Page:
MANATEE — Officials say piles of prescription medicines that would be worth many thousands of dollars on the illicit drug market were safely transferred Tuesday to law enforcement during an event dubbed “Operation Medicine Cabinet.”
The Manatee County Sheriff’s Office, in partnership with Home Instead Senior Care, conducted the event at Bradenton’s Westminster Towers and gathered from the public boxes full of prescription medicine.
Residents by the dozens dropped off boxes and bags full of unused and unwanted prescription medicine, much of which would be worth a pretty penny on the street. The medicine will be documented into evidence by the sheriff’s office, then destroyed.
Home Instead also sponsored the event to provide residents another option to dispose of their pills other than down the toilet or in trash cans, which has long been noted as an environmental hazard, according to company owner Lisa Herlache.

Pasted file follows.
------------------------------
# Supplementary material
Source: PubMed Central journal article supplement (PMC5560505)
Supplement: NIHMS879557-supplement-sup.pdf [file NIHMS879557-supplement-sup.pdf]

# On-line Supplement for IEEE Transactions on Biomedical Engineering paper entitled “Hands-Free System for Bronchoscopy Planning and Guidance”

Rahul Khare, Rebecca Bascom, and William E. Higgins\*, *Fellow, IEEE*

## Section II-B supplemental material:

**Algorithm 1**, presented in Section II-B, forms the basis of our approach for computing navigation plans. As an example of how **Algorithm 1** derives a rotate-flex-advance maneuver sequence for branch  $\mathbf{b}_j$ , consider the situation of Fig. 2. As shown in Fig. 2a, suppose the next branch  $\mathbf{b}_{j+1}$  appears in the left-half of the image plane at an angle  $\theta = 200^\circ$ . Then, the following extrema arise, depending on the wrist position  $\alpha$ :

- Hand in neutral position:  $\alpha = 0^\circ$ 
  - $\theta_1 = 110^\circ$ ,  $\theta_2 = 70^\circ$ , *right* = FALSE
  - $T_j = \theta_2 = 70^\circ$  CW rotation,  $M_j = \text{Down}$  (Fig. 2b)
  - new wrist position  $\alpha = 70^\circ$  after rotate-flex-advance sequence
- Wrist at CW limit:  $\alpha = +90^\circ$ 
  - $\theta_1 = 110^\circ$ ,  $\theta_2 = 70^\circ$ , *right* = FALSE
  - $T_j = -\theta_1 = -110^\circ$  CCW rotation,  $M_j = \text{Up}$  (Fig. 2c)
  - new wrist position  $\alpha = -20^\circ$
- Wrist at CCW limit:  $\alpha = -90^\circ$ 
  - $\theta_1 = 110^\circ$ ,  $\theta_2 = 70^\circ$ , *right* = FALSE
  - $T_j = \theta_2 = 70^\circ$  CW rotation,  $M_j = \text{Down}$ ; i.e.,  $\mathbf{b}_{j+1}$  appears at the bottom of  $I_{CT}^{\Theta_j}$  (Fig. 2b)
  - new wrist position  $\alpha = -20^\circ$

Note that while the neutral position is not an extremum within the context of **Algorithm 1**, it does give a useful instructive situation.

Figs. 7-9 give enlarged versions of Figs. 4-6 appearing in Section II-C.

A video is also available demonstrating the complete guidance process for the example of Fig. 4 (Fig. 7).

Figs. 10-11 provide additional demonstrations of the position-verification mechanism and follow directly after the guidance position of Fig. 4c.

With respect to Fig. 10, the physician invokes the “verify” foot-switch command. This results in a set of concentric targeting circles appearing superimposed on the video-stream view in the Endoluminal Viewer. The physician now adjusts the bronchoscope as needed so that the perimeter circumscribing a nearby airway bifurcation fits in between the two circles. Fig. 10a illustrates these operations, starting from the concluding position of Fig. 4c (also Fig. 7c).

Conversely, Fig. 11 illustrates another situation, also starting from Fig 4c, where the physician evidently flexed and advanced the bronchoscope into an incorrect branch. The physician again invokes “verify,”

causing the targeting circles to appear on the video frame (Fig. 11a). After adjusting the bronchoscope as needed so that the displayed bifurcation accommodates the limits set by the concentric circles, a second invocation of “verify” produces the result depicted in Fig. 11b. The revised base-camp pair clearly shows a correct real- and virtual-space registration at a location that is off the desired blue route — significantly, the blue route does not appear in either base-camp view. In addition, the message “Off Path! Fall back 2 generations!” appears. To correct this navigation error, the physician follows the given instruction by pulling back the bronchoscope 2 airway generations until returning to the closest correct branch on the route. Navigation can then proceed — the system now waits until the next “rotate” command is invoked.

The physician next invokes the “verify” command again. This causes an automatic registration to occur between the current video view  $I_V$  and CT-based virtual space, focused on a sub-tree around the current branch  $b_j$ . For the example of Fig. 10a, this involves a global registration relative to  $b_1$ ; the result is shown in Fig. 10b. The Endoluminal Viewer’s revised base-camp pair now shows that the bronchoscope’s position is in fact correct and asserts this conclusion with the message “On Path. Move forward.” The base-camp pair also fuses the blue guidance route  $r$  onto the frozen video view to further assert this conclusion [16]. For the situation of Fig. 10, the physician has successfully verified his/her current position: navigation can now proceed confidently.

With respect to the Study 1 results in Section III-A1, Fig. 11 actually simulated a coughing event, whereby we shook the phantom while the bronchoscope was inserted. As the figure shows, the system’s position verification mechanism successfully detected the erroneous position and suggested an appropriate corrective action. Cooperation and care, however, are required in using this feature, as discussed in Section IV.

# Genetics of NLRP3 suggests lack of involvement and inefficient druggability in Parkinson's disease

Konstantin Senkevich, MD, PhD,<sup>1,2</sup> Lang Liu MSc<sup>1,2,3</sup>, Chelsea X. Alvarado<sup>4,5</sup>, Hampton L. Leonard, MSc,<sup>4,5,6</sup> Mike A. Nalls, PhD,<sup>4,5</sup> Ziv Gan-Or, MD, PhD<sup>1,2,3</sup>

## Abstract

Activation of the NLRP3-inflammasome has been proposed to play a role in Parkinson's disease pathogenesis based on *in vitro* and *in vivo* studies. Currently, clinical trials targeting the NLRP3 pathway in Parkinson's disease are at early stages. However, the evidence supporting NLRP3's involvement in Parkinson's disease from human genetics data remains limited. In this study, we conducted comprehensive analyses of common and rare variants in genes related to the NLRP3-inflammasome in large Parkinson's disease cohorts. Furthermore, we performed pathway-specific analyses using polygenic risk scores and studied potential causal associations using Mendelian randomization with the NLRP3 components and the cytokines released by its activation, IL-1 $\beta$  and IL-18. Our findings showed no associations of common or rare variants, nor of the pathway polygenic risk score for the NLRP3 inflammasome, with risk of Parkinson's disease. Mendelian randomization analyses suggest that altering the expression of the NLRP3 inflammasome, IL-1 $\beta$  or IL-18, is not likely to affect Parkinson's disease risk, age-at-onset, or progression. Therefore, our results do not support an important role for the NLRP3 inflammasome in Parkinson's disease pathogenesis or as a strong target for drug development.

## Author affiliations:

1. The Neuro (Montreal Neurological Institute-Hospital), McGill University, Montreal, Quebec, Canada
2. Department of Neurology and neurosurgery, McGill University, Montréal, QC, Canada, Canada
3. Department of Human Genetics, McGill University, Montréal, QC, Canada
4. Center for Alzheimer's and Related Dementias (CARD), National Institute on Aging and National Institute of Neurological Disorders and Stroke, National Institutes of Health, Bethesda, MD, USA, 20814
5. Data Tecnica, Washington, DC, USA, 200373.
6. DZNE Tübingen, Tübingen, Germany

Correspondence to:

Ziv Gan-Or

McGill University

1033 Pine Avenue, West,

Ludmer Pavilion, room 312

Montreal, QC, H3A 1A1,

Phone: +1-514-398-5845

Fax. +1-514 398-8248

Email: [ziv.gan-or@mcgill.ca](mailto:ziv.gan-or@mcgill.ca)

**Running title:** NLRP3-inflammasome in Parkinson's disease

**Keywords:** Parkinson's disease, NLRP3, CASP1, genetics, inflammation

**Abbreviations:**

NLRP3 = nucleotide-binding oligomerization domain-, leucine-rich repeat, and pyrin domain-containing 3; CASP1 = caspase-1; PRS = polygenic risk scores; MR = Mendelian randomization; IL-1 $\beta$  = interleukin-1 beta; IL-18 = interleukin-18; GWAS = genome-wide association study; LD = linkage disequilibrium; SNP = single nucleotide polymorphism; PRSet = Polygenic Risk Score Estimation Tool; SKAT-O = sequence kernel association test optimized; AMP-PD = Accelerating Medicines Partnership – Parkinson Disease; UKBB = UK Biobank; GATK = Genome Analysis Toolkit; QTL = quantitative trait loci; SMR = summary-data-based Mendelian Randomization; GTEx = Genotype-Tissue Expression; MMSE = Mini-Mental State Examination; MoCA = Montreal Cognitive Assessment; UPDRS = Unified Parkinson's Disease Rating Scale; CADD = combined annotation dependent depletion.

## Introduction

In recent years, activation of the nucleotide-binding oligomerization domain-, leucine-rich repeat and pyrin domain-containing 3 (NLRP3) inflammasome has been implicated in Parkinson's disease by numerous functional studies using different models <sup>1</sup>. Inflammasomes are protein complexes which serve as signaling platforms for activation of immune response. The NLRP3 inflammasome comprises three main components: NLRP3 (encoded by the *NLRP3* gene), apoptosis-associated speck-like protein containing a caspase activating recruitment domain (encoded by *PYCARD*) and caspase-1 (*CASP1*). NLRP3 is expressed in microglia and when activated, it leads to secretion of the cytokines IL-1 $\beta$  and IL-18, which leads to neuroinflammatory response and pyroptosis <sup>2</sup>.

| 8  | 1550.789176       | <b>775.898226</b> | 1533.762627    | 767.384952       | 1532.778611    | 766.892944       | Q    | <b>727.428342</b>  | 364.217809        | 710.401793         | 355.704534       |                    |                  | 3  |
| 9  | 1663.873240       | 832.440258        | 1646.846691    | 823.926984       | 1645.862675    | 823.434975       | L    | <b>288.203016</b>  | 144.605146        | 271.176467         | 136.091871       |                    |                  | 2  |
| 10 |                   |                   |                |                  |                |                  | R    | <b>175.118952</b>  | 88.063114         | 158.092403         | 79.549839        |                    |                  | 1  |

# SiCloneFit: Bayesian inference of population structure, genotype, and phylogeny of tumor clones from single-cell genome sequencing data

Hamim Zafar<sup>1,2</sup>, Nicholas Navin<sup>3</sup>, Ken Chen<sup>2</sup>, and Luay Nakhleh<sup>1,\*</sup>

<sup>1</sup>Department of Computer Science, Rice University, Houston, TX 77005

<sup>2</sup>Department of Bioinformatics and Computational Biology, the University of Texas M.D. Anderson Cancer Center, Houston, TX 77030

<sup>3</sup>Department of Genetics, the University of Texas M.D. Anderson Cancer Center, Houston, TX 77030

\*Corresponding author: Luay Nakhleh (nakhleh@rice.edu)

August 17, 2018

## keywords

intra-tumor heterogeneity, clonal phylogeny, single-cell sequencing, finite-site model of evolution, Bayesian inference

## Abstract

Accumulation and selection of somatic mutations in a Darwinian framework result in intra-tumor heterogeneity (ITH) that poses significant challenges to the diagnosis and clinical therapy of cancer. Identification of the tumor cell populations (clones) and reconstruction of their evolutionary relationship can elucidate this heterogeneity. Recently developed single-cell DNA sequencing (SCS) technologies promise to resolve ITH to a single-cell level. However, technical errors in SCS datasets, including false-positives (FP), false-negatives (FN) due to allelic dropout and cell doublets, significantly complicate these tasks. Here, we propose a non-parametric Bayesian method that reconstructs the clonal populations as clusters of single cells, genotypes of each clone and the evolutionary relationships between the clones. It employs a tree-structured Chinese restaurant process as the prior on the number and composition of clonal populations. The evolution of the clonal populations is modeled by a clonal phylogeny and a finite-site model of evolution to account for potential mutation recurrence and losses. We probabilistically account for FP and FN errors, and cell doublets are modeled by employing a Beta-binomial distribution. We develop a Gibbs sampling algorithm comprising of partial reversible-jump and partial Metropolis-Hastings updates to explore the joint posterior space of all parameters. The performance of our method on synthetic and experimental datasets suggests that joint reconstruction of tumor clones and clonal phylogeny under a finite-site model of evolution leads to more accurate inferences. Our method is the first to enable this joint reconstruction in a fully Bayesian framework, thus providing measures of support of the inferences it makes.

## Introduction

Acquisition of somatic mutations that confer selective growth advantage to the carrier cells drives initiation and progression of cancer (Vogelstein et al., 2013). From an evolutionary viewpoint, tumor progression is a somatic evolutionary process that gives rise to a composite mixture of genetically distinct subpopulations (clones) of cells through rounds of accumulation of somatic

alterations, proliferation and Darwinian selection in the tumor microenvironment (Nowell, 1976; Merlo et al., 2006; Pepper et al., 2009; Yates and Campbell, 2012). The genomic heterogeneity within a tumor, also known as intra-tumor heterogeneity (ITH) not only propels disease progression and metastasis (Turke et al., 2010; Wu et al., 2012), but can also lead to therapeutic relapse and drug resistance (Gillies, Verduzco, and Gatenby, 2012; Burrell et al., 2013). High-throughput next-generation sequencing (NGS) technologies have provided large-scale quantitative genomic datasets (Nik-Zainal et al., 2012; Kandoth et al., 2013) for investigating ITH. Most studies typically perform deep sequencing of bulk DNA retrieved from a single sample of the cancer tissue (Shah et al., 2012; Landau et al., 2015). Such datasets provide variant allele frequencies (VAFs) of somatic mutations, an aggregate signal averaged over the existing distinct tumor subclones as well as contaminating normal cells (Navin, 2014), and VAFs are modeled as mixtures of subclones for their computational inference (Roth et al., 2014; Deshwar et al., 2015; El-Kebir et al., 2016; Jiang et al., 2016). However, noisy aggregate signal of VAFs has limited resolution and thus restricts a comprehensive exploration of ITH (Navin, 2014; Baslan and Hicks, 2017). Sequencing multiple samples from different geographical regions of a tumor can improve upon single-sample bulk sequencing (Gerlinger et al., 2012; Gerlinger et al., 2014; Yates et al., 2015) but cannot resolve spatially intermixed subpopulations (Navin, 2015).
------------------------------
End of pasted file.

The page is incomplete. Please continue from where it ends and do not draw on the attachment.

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Herlache and sheriff’s officials marveled at how many participated in the event.
“We are so shocked and pleased at the turnout,” Herlache said. “We have gotten more than we could have imagined.”
Deputies received dozens of pill bottles of morphine, hydrocodone, roxycodone, oxycodone, and dozens of other dangerous and addictive drugs if not taken properly. The final amount dropped off by more than 50 people filled two garbage bags and two large bins.
Sheriff’s Lt. Lorenzo Waiters pointed to two bottles filled with hundreds of hydrocodone pills that are worth between $20 and $50 per pill on the street. He said prescription medicine over the years have become a favorite target for burglars.
“If these drugs fell into the wrong hands they could make a killing on the street,” Waiters said. “It has been busy today, and that is a good thing.”
After five back surgeries, Bradenton resident Bill Schippnick had a stockpile of unused and unneeded pain pills prescribed to him over the years, and with nowhere to get rid of it.
Schippnick said he did not want to flush them because they would end up in the water supply, or if he dumped them in the trash they might end up in the wrong hands.
Last week, the Sarasota County Sheriff’s Office conducted a similar event in which 350 people turned in 277 pounds of medications at six locations in Sarasota.